Jaguars: Surprising research results suggest path to survival

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The March, 2009 issue of National Geographic featured some of the most up to date research available about jaguars, the largest New World cat. One of the most startling revelations was that jaguars found from geographically diverse regions of Mexico, Central and South America share the same genes. In other words, despite their very wide distribution, there are no subspecies of jaguar, like there often are with other large carnivores dispersed over large ranges.

This is news to the zoo world and government agencies, which until recently, had been managing the animals as if there were different subspecies.

To explain why jaguars share the same DNA, "some of the cats must wander regularly and widely between populations" located in different regions. This is truly a remarkable feat given the explosion of human development, which has lead to a 50% decline in suitable jaguar habitat since the 1900s, according to the authors.

The good news is that small corridors of habitat, suitable for temporary jaguar travel but not permanent survival, still exists. These "patches" enable migrating animals to move from one suitable habitat location to another. Land that was once considered unusable for jaguar conservation is proving to be "crucial" to the long-term health and preservation of wild jaguars, by linking sustainable populations north and south, east and west.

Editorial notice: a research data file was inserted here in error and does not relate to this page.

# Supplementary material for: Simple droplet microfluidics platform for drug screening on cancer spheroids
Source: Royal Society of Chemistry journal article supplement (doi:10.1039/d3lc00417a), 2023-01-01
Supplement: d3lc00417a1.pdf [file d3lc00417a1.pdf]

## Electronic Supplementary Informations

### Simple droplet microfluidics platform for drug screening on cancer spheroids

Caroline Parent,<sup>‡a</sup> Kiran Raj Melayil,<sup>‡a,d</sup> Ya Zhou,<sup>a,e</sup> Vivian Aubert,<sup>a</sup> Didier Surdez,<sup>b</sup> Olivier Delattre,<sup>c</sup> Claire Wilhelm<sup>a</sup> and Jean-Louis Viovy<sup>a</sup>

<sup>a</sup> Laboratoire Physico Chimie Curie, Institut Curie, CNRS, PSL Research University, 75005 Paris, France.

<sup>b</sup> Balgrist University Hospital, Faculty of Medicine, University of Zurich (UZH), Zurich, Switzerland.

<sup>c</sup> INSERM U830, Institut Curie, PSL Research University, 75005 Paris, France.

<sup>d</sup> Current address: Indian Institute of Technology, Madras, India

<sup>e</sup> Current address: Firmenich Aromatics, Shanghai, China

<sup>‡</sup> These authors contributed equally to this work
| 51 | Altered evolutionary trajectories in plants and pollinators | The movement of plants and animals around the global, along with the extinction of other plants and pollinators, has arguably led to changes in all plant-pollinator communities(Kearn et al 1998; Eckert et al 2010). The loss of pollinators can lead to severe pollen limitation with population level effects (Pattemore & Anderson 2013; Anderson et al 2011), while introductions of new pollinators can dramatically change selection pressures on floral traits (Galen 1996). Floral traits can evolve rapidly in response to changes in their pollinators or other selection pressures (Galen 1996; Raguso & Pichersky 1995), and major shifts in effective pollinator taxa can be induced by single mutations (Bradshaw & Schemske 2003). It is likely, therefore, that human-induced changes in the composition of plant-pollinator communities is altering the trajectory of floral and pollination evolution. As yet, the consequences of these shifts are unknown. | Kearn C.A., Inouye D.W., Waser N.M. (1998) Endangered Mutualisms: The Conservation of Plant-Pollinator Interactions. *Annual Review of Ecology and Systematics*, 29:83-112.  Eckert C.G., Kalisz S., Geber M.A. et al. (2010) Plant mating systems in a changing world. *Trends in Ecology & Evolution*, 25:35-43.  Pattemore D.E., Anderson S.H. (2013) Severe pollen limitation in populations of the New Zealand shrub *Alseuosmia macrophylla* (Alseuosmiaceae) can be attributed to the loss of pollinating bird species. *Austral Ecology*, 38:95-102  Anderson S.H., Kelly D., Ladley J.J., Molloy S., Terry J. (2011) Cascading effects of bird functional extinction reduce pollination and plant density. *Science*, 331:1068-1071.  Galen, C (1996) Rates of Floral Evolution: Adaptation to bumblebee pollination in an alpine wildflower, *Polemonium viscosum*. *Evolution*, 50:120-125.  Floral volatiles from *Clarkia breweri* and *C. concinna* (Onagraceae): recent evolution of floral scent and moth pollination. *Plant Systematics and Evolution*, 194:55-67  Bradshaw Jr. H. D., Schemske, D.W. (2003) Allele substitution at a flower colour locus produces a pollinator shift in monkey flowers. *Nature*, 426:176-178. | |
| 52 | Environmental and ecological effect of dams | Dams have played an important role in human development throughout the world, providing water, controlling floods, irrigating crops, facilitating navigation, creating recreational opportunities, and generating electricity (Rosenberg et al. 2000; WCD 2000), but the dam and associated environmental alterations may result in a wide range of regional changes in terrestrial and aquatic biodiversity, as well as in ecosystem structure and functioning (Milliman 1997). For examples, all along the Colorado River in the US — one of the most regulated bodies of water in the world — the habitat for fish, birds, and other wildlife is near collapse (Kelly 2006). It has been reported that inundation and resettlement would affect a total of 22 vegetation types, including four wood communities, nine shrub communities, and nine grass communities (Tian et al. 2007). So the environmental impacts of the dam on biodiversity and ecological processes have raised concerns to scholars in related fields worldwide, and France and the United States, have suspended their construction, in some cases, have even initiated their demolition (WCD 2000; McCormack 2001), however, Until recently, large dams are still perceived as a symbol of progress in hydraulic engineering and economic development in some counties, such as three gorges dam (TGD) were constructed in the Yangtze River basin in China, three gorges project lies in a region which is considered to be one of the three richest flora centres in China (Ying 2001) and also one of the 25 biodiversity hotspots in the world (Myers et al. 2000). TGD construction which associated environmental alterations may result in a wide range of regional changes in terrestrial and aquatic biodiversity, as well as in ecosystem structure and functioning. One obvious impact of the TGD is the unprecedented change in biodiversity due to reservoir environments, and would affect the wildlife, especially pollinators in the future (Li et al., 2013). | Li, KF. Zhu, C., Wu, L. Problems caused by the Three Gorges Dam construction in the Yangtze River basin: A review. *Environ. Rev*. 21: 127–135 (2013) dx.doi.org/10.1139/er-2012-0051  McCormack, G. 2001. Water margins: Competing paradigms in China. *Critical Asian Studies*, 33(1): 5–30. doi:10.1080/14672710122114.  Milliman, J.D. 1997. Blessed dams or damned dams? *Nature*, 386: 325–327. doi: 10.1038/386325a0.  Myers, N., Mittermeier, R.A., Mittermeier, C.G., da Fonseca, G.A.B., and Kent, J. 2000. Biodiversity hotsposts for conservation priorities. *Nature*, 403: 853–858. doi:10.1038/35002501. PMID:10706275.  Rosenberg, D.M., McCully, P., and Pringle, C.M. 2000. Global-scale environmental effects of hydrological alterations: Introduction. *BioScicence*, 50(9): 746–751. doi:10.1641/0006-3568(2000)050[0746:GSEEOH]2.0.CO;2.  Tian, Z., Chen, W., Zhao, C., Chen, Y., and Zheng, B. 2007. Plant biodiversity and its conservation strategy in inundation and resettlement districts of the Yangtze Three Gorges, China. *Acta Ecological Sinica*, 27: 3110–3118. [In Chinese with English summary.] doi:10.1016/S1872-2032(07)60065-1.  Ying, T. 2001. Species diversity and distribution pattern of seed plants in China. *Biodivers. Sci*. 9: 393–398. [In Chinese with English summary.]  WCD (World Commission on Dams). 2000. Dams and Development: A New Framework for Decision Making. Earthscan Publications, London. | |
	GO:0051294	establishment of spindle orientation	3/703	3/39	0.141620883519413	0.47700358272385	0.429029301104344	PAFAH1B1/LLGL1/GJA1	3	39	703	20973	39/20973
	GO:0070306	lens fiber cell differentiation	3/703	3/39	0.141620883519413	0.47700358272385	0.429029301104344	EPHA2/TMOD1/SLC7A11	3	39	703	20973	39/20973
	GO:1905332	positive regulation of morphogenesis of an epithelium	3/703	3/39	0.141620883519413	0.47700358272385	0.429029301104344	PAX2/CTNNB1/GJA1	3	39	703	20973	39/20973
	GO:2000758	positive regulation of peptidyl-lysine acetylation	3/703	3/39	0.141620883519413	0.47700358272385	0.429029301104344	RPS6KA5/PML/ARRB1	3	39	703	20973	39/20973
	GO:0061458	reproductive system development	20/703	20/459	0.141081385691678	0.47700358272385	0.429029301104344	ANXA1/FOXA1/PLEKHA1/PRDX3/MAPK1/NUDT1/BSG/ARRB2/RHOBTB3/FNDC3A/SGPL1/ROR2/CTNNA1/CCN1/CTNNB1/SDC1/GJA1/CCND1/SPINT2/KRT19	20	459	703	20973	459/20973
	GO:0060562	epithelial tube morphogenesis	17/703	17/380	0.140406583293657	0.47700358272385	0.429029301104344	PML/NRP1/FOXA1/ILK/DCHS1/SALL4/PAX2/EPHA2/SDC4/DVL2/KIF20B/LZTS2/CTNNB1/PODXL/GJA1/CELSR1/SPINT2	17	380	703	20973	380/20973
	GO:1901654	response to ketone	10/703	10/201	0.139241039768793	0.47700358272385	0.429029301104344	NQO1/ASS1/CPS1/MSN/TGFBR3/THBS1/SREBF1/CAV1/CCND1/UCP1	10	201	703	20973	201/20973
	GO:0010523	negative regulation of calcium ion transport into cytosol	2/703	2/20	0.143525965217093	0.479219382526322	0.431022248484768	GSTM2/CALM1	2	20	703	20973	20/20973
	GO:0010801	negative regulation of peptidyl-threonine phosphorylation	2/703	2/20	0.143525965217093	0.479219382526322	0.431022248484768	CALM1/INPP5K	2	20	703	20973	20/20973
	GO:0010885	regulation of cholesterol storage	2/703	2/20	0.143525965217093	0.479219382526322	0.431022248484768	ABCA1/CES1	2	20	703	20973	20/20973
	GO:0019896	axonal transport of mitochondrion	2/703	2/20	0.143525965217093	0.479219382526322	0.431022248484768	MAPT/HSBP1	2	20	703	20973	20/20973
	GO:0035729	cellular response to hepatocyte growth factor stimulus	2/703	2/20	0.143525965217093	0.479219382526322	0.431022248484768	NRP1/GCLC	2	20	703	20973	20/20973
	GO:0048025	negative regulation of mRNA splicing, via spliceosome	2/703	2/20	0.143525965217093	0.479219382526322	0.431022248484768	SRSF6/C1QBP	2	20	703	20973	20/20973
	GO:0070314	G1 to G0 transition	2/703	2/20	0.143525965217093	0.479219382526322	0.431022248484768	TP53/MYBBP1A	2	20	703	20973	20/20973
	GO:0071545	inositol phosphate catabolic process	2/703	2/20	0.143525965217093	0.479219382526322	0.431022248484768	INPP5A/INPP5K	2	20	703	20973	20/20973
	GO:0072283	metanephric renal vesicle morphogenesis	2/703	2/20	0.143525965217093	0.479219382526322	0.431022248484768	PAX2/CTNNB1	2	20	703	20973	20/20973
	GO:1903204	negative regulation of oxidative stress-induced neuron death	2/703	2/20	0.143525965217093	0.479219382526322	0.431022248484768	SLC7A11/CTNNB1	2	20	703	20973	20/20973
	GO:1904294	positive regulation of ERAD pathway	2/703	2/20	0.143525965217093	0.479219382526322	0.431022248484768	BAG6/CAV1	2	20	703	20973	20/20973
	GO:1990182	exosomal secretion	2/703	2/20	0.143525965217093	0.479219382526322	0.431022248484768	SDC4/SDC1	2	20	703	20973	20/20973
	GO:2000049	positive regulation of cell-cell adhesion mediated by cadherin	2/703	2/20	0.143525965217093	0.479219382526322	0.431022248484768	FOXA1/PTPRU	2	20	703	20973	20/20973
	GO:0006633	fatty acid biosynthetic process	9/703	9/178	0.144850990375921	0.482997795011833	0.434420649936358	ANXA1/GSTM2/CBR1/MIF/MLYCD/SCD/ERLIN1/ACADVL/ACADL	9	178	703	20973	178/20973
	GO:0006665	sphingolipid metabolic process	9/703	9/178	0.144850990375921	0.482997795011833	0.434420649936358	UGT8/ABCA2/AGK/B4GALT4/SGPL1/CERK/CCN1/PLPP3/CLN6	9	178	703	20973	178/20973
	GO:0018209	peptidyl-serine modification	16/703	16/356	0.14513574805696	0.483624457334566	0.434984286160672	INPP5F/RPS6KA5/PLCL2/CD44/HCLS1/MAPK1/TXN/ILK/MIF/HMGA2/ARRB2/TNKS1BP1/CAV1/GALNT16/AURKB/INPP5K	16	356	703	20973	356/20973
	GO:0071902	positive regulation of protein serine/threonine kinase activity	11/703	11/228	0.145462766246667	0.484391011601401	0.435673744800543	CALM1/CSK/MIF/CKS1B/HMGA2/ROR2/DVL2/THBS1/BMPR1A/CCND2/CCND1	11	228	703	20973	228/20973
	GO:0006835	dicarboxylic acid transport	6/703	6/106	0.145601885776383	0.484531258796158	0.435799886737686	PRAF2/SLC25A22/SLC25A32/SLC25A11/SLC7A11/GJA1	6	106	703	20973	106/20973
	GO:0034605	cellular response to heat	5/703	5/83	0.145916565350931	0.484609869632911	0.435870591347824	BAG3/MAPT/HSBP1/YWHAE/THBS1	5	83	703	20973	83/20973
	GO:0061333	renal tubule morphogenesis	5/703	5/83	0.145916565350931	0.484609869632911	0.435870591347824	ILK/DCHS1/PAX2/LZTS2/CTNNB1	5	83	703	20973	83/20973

According to the authors, the challenge going forward will be for national governments to work together to preserve these travel corridors, which can still be used for some human activities as well as temporary food and lodging for jaguars just passing through.

Wildlife World Zoo & Aquarium has a long history displaying and educating the public about jaguars and other cat species. Many jaguars on display throughout North America today can trace their parentage to our original breeding pair of cats. Recently, a young male jaguar from another facility joined our collection and is now on display.

Grey Stafford, Ph.D. is the Director of Conservation and Communications at the Wildlife World Zoo & Aquarium and author of the new pet-training book, " ". He appears frequently on 3TV with some of the zoo's fascinating animals.

Wildlife World Zoo & Aquarium, which is located at 16501 W. Northern Ave., Litchfield Park, is open 365 days a year, 9 a.m.-5 p.m. Daytime admission is $26.50 (plus tax) for adults and $14.25 (plus tax) for children 3 to 12; children 2 and younger get in free. Special evening admission to the Aquarium only is $16.99 (plus tax) for adults and $8.99 (plus tax) for children 3 to 12. For more information, call 623-935-WILD (9453) or visit .